Twig is a new series by writer Skottie Young and artist Kyle Strahm from Image Comics whose identity seems closely knit with the creature design of Jim Henson. The first issue was a cute concept for younger readers that introduced an incredibly visualized world. Things are looking bad for the main character, Twig, in the second issue as his quest has stalled. Can he figure out what the quest is and pull it off, or will his late wake-up in the morning spell doom for all the world?
Twig is a funny sort of young person’s comic as it doesn’t hide the fact that death and fear are parts of life. Twig #2 opens with a burial and a bit of sadness, but Twig and his bud Splat aren’t giving up so easily. Sure, the guy who died was going to give Twig his quest which was super important, but that doesn’t mean Twig and Splat can’t figure out how his insanely complicated job spits out missions!
That gives Strahm plenty to work with. Gizmos, strange jars of magical stuff and contraptions are all used to figure out what Twig’s mission could be. This leads to a wonderfully symmetrical full-page spread of what must be the threats Twig will face along the way. Given how impossible figuring out what the mission could be, it’s incredibly hopeful reading this issue and seeing how our heroes don’t give up.
Tucked away in the narrative is another message to kiddos, and that’s to not wake up late! In a key scene, Twig comes across a very odd character who is a bit scary and Twig fully admits his tardiness may have caused everything to snowball. That snowball leads to quite a cliffhanger that should take all the fantasy elements of this series to another level.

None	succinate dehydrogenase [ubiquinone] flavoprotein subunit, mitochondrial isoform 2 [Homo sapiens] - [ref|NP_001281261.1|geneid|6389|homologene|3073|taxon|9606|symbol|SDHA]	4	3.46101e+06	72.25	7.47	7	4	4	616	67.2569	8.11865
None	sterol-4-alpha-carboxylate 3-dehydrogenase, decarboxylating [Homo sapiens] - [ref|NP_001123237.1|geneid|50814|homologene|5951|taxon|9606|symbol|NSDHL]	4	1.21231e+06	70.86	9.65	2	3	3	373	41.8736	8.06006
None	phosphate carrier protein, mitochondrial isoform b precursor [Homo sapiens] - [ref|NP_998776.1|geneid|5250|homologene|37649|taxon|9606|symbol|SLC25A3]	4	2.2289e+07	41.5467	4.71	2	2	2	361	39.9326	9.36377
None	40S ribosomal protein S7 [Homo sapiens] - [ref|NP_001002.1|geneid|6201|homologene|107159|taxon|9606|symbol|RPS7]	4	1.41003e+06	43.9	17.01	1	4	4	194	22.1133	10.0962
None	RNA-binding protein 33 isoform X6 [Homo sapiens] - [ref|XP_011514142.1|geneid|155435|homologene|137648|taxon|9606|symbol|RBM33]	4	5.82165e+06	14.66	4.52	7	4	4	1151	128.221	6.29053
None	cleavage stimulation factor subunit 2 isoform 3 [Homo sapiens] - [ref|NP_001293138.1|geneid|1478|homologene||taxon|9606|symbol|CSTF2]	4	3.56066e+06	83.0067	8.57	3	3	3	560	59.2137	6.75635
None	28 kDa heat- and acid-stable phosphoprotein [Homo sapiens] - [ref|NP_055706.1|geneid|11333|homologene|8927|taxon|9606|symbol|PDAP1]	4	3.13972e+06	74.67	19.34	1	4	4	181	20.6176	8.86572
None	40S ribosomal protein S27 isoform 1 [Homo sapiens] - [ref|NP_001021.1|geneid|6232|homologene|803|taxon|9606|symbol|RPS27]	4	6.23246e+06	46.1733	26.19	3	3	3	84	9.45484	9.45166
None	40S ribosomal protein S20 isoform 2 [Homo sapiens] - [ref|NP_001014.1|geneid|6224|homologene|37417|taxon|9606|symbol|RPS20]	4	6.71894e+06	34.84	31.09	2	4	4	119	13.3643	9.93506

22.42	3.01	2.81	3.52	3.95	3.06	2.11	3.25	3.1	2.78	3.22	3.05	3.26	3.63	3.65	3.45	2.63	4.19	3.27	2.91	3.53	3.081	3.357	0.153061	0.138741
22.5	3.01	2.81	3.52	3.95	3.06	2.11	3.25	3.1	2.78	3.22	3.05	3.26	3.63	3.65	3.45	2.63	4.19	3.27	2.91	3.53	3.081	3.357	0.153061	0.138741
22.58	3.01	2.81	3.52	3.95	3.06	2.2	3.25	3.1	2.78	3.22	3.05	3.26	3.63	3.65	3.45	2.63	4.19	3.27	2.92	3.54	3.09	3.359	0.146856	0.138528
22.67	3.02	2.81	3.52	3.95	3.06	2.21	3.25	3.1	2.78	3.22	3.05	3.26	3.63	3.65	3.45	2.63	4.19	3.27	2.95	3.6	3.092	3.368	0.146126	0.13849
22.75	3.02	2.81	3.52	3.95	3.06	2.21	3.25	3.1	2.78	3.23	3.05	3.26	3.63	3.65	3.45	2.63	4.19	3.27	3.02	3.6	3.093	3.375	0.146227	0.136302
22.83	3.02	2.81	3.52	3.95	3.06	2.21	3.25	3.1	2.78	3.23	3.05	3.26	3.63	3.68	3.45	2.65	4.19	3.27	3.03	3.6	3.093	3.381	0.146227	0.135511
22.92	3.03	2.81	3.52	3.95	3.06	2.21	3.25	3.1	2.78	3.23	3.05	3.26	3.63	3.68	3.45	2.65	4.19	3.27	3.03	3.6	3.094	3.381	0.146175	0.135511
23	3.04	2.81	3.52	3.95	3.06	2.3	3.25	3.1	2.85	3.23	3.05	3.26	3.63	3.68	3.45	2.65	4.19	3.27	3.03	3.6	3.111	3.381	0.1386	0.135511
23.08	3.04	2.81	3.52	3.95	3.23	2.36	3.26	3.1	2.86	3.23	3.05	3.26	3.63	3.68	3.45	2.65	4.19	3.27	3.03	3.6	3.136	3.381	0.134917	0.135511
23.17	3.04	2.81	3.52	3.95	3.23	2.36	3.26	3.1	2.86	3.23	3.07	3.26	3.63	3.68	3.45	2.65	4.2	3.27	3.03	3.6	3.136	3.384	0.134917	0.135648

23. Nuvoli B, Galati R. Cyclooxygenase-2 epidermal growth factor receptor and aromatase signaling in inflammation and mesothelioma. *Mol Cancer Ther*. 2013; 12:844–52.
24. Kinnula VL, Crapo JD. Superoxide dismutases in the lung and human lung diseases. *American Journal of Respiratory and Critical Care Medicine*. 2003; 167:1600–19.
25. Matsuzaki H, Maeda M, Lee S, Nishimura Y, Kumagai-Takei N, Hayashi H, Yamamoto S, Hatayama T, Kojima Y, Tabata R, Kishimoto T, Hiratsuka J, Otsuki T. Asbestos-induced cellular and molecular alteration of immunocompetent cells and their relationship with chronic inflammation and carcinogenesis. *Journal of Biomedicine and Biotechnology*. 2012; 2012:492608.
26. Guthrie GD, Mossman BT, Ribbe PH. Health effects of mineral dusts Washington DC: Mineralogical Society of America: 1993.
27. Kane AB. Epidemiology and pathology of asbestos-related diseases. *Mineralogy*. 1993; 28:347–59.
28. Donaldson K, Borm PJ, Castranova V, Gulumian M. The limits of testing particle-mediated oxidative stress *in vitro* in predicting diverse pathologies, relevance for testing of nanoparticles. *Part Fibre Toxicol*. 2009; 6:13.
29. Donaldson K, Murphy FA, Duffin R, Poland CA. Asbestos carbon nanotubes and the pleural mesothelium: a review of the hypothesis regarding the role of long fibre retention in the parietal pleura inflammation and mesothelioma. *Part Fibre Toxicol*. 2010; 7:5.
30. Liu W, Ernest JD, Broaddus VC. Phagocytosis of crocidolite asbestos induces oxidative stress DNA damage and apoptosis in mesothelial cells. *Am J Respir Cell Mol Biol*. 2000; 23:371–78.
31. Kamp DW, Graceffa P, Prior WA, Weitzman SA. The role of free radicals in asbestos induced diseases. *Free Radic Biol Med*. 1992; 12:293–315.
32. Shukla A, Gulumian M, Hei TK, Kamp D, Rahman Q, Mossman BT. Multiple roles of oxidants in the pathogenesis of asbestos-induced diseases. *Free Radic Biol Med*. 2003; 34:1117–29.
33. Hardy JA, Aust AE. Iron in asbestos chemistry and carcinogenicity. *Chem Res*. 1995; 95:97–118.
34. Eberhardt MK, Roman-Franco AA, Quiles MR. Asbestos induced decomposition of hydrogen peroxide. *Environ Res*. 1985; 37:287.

Another theme present for kids and adults to reflect on is Twig’s desire to make his father proud. In one key scene, we see it’s on Twig’s mind that his father would be upset with how he performed in this story. We also get to see Twig play a game with his father, showing they had a healthy relationship. Pairing these thoughtful lessons is a world rife with life and worthy of exploration. There’s a lot of youthful joy and fun in every panel.
Speaking of fantasy elements, Strahm does incredible work with creature design and environments. The creepy necromancer character introduced later in the issue is a good example. He’s equal parts creepy and unnerving, but also a bit fun with his moth-like fury coat and jeweled eyes gracing the coat. There’s a sense of darkness to him, but also a forced smile as if his costume is trying to say he’s friendly on the inside. Twig’s expressions add to the experience since he is reacting to a lot of the fantastical elements as we would.
Jean-Francois Beaulieu colors the issue to perfection as well. A scene involving Twig’s dream is made angelic due to the heavenly light. Flashbacks have a cool color change that separates things well.
Letters by Nate Piekos have a sureness younger readers will likely appreciate. Word balloons tend to be a bit boxy, giving the words inside a sturdy feel. Even the tails on the word balloons are made up of straighter edges.
Twig #2 is even better than the first issue, fleshing out the fantasy world and the many oddities within it. Twig is quickly becoming my favorite original fantasy series since The Dark Crystal. It’s a joy to read.
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